Tiger & Bunny Episode 16 – Falling in Stature
After a couple character-building episodes, Tiger & Bunny returns to focus on Wild Tiger, and not in the way I was expecting. I mean, I was expecting that Tiger’s growing power irregularity, signalling a future burnout and the end of his hero career entirely, would rear its ugly head as a serious conflict. The new opening for the show signaled that Lunatic would have a strong presence in the second half, becoming the primary antagonist for at least a major portion of it. Both of those play out as expected here.
What I didn’t predict was that the two stories would be so integrally tied together. In fact, the stage is being set for Tiger and Lunatic to have a very personal confrontation in the future, as each struggles with their particular inheritance from one man, the foremost hero in Stern Bild’s lore, Mr. Legend himself. This episode drops a series of revelations about him, each more damning than the last.
Ben Jackson, Tiger’s former manager, went to the trouble of checking into other examples of heroes whose powers burnt out, and by digging into the right files he learns that Mr. Legend himself faced just such a problem. At the time the other heroes and the press machine around them worked to hide the problem, with Mr. Legend getting credit for criminals he didn’t capture in order to maintain his records, and the facade that nothing was wrong. It’s likely for this reason, he suggests, that they didn’t have accurate records on Jake Martinez’s capture: Mr. Legend wasn’t really the one who caught him.
For Tiger, this is sort of like an athlete learning that his idol and mentor was doping in a desperate attempt to prolong his career. But, like Mr. Legend, Tiger faces a choice: either admit his time is up, or continue to serve as a hero counting on his friends and colleagues (including the increasingly mellow Barnaby) to cover for him. And doing the latter might put everyone at risk.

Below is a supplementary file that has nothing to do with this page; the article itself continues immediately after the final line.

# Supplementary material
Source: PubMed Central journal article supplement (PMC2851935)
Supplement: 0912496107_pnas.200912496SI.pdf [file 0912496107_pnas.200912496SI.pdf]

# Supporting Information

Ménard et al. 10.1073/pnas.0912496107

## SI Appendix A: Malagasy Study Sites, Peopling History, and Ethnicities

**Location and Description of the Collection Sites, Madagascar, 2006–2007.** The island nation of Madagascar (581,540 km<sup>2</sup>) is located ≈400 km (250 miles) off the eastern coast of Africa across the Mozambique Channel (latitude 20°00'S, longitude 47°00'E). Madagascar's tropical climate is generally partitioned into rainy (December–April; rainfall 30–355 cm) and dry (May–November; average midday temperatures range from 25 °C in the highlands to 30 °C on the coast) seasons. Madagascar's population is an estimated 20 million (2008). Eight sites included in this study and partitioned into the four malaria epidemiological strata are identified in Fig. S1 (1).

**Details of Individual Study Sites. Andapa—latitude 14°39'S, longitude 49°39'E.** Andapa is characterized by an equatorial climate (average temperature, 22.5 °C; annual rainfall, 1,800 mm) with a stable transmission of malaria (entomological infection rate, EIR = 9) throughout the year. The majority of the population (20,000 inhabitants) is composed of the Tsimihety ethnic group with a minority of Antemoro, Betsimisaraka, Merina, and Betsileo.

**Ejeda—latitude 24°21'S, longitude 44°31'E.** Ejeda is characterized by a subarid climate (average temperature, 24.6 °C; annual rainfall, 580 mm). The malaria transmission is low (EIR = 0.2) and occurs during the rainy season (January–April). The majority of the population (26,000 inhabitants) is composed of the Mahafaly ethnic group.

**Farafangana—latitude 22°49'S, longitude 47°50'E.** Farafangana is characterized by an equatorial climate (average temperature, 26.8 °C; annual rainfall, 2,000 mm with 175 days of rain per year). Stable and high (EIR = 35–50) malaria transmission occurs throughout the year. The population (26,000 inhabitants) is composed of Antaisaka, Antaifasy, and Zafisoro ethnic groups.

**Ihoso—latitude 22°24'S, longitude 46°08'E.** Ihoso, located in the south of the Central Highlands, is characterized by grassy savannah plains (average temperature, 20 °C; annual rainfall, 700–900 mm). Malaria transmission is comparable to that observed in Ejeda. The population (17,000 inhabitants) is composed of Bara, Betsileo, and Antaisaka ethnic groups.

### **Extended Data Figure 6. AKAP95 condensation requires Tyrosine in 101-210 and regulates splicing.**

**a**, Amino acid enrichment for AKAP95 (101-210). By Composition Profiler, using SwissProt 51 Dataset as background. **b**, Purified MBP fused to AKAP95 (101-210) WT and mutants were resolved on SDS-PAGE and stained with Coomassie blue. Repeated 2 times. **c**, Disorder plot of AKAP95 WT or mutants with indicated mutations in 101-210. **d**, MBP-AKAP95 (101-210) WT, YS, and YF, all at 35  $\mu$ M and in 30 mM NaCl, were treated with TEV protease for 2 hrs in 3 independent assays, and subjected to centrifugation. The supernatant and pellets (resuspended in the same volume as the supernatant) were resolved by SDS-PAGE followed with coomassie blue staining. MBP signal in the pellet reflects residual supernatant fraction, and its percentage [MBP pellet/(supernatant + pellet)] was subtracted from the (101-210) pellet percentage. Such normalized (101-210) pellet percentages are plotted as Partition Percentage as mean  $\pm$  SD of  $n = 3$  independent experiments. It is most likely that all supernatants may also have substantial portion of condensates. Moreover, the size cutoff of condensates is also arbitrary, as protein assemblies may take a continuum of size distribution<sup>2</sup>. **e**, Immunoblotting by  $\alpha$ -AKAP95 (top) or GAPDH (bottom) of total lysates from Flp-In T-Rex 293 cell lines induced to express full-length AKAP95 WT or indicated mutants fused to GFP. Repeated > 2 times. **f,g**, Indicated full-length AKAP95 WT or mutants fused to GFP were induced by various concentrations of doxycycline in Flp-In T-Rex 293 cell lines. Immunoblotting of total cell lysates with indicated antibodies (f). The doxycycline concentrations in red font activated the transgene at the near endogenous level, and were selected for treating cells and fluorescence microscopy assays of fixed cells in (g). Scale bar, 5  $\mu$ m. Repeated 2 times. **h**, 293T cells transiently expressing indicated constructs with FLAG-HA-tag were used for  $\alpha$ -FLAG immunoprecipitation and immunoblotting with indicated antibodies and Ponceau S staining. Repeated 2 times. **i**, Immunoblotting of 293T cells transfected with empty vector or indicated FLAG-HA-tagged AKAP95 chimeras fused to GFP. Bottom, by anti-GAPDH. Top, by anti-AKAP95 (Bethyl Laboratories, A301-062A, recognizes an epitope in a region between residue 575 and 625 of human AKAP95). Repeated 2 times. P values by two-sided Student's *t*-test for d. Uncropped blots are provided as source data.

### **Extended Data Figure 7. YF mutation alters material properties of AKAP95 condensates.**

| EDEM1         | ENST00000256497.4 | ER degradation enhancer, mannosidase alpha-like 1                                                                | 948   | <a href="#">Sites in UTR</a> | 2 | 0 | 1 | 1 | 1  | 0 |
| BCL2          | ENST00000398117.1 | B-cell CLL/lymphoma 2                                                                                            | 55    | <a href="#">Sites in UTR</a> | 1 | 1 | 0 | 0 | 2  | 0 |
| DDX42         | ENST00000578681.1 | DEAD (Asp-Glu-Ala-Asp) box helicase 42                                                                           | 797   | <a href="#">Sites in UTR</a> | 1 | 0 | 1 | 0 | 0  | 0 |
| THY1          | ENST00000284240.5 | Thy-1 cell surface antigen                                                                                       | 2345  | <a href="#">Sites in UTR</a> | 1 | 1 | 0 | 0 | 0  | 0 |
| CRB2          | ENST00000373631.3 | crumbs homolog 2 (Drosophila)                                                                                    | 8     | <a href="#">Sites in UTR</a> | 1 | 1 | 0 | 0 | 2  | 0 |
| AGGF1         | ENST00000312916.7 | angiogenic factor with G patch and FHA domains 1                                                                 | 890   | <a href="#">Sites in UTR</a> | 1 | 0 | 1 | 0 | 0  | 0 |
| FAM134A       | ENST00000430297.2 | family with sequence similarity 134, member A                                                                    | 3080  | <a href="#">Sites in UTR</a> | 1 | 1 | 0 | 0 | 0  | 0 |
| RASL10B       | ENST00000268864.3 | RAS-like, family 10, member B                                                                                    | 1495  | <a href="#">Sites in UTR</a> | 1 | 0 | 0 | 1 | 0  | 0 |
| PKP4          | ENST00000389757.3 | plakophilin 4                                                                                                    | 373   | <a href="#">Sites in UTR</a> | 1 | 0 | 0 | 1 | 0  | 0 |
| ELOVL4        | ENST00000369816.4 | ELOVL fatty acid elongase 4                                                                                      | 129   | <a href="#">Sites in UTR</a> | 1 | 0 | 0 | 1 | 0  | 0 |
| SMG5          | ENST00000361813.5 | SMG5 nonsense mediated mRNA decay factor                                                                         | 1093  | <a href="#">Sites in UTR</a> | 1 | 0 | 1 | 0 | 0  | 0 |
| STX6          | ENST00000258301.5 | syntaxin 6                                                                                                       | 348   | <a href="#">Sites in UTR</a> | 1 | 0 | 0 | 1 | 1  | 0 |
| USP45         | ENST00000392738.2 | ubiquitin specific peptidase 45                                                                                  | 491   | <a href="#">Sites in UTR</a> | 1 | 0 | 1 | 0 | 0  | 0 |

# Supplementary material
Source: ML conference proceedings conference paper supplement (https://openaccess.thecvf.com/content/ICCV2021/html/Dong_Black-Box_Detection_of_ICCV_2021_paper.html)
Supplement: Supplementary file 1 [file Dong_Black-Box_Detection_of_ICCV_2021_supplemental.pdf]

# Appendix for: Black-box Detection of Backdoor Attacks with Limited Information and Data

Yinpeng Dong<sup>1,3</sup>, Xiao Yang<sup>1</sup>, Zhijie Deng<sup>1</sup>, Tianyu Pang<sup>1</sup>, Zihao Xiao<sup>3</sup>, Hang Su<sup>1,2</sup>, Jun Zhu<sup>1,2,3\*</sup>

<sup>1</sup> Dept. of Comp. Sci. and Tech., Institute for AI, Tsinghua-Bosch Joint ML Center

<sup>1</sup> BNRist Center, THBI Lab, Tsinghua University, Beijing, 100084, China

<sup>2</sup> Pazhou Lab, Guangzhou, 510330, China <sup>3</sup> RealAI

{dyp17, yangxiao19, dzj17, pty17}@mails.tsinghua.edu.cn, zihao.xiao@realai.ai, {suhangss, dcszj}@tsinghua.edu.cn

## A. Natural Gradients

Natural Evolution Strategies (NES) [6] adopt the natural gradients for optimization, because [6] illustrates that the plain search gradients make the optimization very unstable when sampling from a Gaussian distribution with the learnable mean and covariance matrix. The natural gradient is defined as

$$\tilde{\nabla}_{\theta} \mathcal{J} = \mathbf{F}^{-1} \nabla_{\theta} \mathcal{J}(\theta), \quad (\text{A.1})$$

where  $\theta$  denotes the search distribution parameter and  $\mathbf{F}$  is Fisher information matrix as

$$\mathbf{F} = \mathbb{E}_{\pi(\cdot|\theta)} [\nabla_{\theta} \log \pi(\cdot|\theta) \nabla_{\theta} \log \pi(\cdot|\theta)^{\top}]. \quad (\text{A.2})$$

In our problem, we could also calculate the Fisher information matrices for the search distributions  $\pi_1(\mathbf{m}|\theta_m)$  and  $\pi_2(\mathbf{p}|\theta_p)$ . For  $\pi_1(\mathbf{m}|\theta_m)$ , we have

That’s on display clearly this episode, as Tiger’s power limit drops below the four minute mark, and a mundane criminal manages to get the best of him as a result. Tiger saves a woman’s life, but is nearly killed himself. And next time, it may well be the hostage, or his partner, who takes the fall. Tiger, I hope, has a strong enough moral center to do the right thing. I suspect, however, that the show will keep him active long enough to defeat Lunatic, if only because Lunatic represents another aspect of Mr. Legend’s failure.
Mr. Legend, when faced with a similar choice, kept on as a hero, but the stress and the loss of control ate away at him all the same. Much like a washed out athlete or rock star, he turned to alcohol, which in turn only led him to grow increasingly violent toward his wife. This lasts only until his son Yuri, having internalized his father’s pep talks on heroism from an early age, intervenes, only to have his own Next abilities flare up just in time to kill his father.
Thus Lunatic and Tiger draw inspiration from the same source: a hero pep talk (several, in Yuri’s case) from Mr. Legend. But where Tiger had only the ideal of Mr. Legend to live up to, Yuri had a much different set of experiences. Much of his motivation as Lunatic is fueled by a desire to justify his act of patricide. If it’s not right to slay criminals, than Yuri has been on the wrong side for a long, long time.
With this set of revelations, the plotting of Tiger & Bunny suddenly seems much more deliberate. The show’s first half was primarily about Barnaby and his investigation into Ouroboros. We learned about his personal demons and what drove him to become a hero. With that challenge gone, Barnaby has moved on from being motivated by revenge to being motivated by gratitude; now he wants to be as good a hero as he can to repay Albert Maverick for all the latter has given him over the years.
The second half of the show, or at least the first part of it, has changed the focus to Tiger. The fears that Tiger always had of being seen as increasingly old or irreverent now take on a deeper meaning, and the legacy of heroism that served as his guiding light is now tarnished and crumbling. And just as the first half ‘s climax centered around a figure intimately tied to Barnaby’s past history, the second leaves Tiger in conflict with a man who took the same ideals of heroism is a markedly different direction.
Ultimately, it’s up to Tiger to be different from his mentor, to admit when he needs help, accept his limits, and know when to leave with grace. And he’s going to do just that: Tiger & Bunny might like deconstructing hero tropes, but it still is willing to let its good guys be good guys. The drama will come from the struggle, as Tiger finds something else to guide his life.
You can watch the episode here.